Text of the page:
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Despicable Him

Jim Norton pulls no punches in return to stand-up albums.

By Michael Shashoua / Editor-in-Chief

After two substantial comedy books, Jim Norton is back with his third stand-up album, “Despicable,” released March 8, which gleefully lives up to its title.

Norton is raw and says wrong things – crossing way over the line at every turn. But he does so skillfully and with an undeniable force of personality.

Just what is that personality? If it’s not a total cliché to think that stand-ups channel deep-seated anger through their acts (male ones, anyway), Norton is a prime example of this. It’s his choice of targets for that hostility that make his material catch fire, though.

Paul McCartney’s maligned ex-wife Heather Mills ends up in Norton’s crosshairs, with some very crude remarks about how she deserves to die for not making marriage to a Beatle work. But something about Norton’s delivery communicates this is only for effect – or at least he’s not advocating that someone go out and make that happen, to be exact.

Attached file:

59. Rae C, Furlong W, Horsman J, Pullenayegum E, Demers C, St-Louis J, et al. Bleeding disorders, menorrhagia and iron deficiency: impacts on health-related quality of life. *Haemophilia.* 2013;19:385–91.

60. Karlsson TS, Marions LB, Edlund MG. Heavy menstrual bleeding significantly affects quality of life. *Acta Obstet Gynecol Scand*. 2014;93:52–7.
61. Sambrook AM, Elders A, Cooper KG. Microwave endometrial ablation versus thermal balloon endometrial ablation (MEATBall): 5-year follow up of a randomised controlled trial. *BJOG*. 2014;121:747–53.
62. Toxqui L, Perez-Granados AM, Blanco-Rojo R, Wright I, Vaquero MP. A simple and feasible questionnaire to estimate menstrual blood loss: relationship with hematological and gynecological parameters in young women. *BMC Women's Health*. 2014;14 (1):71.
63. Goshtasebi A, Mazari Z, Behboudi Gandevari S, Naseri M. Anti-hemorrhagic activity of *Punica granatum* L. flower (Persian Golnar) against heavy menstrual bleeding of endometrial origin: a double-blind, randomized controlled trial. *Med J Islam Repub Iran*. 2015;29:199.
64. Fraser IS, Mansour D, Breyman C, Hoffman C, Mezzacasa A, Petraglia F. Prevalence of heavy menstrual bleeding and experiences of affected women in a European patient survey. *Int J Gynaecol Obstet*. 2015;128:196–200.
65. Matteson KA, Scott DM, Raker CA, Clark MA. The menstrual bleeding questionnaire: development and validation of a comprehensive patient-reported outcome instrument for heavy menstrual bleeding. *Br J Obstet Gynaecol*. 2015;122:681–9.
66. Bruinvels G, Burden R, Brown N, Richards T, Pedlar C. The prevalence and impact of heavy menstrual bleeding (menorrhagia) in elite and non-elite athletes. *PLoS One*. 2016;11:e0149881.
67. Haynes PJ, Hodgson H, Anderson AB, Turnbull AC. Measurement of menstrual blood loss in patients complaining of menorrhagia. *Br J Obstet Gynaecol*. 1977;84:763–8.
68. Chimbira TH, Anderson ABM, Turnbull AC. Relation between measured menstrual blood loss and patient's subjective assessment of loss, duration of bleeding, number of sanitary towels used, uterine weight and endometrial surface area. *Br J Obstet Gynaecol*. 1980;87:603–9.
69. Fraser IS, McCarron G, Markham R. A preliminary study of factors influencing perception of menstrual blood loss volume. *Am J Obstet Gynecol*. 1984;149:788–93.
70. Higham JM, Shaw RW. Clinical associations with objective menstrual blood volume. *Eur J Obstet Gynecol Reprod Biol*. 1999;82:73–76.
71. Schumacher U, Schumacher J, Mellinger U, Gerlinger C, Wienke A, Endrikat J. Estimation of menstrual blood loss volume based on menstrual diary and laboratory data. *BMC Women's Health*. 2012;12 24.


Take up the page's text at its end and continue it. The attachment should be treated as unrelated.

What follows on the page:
Norton also scores direct hits on odd choices from the pop culture landscape, like televised poker tournaments, and “March of the Penguins,” for their inanity, as he sees it. And Norton unabashedly reveals his twisted mind as he describes how he once posed as mentally handicapped – an easy acting job considering his appearance – so he could get a snapshot with Laura Bush. (This is part of his hobby of collecting photo of himself with celebrities and public figures).

For Norton’s sheer attitude as a performer, alone, “Despicable” is a must-have comedy album.

 

   

     

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